Tau Protein Leads To Neuronal Death in Alzheimer’s

Tau Protein Leads To Neuronal Death in Alzheimer’s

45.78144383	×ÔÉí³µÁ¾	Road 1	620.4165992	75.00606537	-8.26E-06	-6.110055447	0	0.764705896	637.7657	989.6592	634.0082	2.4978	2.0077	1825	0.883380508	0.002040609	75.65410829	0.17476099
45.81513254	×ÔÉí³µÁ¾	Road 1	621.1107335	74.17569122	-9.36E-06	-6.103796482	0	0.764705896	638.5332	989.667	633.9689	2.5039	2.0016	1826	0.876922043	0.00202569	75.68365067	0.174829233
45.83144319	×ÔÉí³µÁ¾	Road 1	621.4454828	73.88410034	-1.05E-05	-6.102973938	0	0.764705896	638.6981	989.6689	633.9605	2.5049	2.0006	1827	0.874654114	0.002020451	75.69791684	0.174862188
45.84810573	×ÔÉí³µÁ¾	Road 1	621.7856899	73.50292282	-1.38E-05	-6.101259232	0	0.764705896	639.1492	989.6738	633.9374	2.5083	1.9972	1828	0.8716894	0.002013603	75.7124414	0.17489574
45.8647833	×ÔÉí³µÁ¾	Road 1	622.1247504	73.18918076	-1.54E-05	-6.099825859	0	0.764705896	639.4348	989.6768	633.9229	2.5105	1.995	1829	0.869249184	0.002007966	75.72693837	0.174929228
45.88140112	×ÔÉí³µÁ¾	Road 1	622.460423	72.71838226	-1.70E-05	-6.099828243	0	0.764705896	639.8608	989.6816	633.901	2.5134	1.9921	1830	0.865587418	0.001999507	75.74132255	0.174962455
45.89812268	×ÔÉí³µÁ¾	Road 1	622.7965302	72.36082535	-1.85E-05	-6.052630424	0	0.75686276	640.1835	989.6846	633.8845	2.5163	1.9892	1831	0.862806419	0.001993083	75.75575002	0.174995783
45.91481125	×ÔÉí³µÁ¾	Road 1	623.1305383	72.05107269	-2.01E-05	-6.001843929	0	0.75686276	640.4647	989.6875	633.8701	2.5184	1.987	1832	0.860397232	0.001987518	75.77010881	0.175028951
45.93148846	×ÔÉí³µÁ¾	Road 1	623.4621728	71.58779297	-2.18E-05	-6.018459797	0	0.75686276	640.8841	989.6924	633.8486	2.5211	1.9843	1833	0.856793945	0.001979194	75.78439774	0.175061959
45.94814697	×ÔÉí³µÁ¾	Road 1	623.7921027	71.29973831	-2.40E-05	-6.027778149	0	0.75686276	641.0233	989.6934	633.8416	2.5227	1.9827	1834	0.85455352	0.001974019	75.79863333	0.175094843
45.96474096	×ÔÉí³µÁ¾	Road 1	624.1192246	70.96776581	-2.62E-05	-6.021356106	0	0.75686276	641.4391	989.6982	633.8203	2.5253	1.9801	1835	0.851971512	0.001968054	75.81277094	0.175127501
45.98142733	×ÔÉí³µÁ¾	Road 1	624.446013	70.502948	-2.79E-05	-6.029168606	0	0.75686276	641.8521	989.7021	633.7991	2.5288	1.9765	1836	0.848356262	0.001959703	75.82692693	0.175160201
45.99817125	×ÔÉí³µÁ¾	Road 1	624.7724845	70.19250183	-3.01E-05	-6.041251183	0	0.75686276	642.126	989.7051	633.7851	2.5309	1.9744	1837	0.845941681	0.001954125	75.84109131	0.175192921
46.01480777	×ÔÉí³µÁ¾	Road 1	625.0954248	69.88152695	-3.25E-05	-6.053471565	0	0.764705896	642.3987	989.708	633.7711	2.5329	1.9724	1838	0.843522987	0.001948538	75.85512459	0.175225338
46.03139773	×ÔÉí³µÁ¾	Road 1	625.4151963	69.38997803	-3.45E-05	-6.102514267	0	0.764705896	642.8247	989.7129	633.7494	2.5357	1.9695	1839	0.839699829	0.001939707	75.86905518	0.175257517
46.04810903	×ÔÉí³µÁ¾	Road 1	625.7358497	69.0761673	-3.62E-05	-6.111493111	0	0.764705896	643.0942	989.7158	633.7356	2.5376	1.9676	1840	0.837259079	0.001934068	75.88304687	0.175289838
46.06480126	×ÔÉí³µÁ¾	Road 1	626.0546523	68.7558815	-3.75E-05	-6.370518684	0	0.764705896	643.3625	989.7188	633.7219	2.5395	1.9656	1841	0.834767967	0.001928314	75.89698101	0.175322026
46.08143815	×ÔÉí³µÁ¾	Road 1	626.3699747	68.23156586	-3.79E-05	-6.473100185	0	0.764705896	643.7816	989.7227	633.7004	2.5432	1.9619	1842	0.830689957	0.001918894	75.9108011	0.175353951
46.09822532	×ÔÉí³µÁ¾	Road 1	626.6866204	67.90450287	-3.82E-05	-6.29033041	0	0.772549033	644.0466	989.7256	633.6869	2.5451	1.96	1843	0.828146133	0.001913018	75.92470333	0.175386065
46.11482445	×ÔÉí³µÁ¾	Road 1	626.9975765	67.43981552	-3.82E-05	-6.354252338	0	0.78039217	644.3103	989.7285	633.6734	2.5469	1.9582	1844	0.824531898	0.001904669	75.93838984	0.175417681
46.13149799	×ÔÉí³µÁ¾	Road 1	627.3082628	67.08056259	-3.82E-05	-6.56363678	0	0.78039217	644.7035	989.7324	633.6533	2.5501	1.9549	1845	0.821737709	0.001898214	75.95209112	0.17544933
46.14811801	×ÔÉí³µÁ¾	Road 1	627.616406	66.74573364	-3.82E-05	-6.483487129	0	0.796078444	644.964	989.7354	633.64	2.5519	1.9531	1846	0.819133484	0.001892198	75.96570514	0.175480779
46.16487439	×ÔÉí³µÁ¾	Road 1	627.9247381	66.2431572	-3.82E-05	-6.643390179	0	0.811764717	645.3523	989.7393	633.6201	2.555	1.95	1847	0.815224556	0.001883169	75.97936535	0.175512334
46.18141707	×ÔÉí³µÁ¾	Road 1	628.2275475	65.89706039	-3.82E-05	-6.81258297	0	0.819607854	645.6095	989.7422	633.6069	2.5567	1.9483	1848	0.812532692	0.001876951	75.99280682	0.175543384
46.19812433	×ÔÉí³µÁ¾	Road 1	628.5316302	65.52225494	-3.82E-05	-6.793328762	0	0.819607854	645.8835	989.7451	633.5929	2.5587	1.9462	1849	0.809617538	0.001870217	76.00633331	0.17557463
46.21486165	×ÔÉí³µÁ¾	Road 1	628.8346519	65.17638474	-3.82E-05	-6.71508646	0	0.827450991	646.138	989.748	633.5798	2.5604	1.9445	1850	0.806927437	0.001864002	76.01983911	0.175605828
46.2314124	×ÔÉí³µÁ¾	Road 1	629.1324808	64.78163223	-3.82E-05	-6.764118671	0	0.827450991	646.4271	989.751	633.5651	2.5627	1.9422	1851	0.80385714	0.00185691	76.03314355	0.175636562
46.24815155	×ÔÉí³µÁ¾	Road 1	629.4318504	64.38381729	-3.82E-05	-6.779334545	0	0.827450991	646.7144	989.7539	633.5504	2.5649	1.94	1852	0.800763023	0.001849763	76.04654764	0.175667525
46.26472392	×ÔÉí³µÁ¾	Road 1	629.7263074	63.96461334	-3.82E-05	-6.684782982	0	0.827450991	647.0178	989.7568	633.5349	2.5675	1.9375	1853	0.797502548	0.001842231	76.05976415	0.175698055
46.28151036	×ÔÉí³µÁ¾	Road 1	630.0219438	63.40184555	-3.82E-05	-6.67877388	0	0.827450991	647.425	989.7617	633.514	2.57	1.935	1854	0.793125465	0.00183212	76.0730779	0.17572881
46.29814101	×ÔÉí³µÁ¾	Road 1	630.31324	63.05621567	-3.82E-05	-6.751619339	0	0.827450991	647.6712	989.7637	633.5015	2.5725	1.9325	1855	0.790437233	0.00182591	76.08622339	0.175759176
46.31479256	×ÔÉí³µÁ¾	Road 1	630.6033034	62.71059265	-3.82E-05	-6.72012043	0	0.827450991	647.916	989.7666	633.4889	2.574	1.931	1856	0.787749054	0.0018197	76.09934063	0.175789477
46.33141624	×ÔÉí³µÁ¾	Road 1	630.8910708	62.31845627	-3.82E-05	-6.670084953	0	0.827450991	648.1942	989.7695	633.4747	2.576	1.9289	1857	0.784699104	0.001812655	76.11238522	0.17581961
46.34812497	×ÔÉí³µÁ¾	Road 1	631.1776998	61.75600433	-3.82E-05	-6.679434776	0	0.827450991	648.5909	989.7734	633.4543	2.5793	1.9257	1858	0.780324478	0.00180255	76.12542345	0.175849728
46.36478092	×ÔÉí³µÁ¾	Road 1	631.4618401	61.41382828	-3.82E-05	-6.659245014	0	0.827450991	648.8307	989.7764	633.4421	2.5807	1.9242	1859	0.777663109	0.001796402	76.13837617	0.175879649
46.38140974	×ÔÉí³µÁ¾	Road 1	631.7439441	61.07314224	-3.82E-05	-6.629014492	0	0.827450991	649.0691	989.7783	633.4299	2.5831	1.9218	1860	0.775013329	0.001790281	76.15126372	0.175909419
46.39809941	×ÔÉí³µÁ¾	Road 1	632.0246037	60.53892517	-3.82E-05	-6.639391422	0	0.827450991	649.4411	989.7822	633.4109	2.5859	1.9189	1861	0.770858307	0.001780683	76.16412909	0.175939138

Tau proteinIn a study published in the online issue of Molecular Neurodegeneration journal, a team of researchers at Georgetown University Medical Center (GUMC), in collaboration with researchers at the Capital Medical University in Beijing, China and funded by Merck Research Laboratories, shows that Tau protein is the key triggering event to neuronal death in Alzheimer's disease patients. Alzheimer's disease is characterized by both deposit of an extracellular protein, beta-amyloid (or Abeta), which leads to the formation of beta-amyloid plaques, and by abnormal function of the Tau protein. However, the prevailing theory for Alzheimer's disease cause has been that beta-amyloid plaques lead to neural death. This protein is abundant in neural cells and is essential to stabilize axonal microtubules. Now, this new study suggests that neuronal death is caused by Tau protein malfunction. Charbel E-H Moussa, MB, PhD, assistant professor of neuroscience at Georgetown University Medical Center and the study's lead author, noted, "When tau is abnormal, these proteins, which include Abeta, accumulate inside the neurons. The cells start to spit the proteins out, as best they can, into the extracellular space so that they cannot exert their toxic effects inside the cell. Because Abeta is 'sticky,' it clumps together into plaque." The authors propose that Tau
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